Starting November 2020, publicly-traded companies in the U.S. are required by U.S. Securities and Exchange Commission (SEC) Regulation S-K to disclose information on the impact of human capital on the company’s performance. Where human capital is considered material to the business and its performance (which is the case for most companies), the disclosed information should include details for each area of talent management deemed material (i.e. talent attraction, talent development, talent retention, productivity).
These new rules require a significant change in what and how the majority of U.S. companies report on human capital today.
Here are five key reasons why companies need to act now:
Compliance liability exposure
Risk falling behind leading ESG companies
Mounting pressure from institutional and ESG investors
Leadership in adopting global standards
Potential new requirements in the near future
#1. Compliance Liability Exposure
With the SEC’s new human capital disclosure requirements, companies will have to go beyond adding a couple of HR metrics to their earnings reports. Because the SEC did not provide specific metric guidance on which metrics to include in reporting, companies will have to select the “right” human capital metrics and explain how the results support the company’s narrative on its business strategies.
As with traditional financial statements, companies should seek third-party verification from an independent external source on the accuracy of their chosen HR metrics prior to including them in public reporting as well as verification as to whether the metrics chosen add value or add confusion and risk. All of this must be done when the new human capital requirements become effective in November of 2020.
We recommend companies go through a 5-step human capital reporting compliance process to validate their numbers and develop the storylines that link disclosures to business intent. You can learn more about this process here.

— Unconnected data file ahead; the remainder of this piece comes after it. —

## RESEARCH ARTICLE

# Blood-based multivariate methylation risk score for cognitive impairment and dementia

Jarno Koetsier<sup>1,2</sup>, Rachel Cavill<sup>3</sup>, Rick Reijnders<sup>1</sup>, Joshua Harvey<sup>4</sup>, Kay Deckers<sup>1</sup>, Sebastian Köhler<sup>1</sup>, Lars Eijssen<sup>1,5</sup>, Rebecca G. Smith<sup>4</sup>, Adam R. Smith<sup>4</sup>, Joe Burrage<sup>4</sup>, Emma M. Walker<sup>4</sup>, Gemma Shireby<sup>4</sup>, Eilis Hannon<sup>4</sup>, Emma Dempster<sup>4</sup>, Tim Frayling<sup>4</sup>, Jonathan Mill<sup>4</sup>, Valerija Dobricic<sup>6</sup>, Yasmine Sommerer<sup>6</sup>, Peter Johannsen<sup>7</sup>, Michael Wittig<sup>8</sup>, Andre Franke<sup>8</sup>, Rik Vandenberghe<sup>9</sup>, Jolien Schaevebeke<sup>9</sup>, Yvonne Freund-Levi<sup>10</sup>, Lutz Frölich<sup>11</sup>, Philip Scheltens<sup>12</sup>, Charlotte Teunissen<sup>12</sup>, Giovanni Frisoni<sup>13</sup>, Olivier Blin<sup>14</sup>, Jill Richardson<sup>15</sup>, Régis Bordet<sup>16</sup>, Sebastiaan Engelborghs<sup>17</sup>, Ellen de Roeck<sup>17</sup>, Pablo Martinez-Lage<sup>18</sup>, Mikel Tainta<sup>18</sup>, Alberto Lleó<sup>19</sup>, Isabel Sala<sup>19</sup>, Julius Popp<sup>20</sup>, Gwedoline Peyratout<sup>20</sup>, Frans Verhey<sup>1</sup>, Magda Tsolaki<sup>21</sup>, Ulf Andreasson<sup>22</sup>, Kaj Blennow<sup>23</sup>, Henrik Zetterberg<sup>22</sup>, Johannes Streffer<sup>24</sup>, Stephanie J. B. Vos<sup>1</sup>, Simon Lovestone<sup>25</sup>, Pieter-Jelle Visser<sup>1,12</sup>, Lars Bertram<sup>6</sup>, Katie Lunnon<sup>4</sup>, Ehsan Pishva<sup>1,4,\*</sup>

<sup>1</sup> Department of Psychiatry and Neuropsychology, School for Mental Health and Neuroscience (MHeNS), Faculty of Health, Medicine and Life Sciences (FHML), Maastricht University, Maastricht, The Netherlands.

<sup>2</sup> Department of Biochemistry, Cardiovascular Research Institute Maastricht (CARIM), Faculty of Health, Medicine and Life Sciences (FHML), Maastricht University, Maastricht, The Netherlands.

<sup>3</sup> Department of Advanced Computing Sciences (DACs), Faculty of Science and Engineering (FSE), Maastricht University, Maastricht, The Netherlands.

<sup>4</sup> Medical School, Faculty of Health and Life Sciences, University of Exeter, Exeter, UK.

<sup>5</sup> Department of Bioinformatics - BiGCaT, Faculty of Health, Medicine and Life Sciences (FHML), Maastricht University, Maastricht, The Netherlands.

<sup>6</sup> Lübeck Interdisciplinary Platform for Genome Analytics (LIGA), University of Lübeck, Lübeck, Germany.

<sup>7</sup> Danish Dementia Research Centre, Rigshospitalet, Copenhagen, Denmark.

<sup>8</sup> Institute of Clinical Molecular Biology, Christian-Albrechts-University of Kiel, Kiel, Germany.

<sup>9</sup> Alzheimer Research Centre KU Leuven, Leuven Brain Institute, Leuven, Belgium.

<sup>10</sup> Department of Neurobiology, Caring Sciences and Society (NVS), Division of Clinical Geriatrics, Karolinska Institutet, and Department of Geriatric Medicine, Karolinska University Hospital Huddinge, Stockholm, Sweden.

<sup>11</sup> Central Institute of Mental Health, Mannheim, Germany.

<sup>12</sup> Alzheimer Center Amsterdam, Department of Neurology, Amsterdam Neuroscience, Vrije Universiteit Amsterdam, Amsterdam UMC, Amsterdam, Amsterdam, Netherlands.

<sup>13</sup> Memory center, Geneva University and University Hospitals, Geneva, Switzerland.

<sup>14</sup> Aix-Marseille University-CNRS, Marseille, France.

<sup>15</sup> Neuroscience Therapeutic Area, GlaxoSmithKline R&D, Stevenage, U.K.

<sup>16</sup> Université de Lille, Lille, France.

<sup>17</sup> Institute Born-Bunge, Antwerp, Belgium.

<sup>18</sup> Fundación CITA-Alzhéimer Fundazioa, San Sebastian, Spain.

#2. Risk Falling Behind Leading ESG Companies
Leading ESG companies such as Allianz, Edwards Lifesciences, and Samsung among others have been including more human capital metrics in their sustainability reports in recent years. Examples are included below.
Allianz – 2018 People Fact Book
Edwards Lifesciences – Sustainability Report
Samsung – Sustainability Report
In addition, socially conscious investing continues to gain momentum even amid the COVID-19 crisis and spreads beyond small and specialty funds. According to a recent survey, the number of global ESG-data driven investment assets has doubled in the last four years surpassing $40.5 trillion in 2020. Here are some notable facts about ESG investing:
The number of ESG consideration funds has grown to 564 funds in 2019
Many large institutional investors like CalSTRS and CALPERS have been advocates for more transparency around human capital reporting disclosure
ESG index funds hit an all-time high at $250 billion
Together with the growth in ESG reporting and social investing, the new SEC disclosure requirements provide companies with a big incentive to disclose more detailed HR metrics and more fully explain the role of human capital in achieving their business goals.
#3. Mounting Pressure from Institutional and ESG Investors
Large institutional investors have been a strong supporter of human capital disclosure leading up to these new rule changes.
One of the leading voices is Human Capital Management Coalition (HCMC). Launched in 2017, HCMC is a group of 32 global institutional investors with over $6 trillion in assets under management created to advocate for better human capital management practices and disclosure. HCMC is co-chaired by the UAW Retiree Medical Benefits Trust and the California State Teachers' Retirement System (CalSTRS).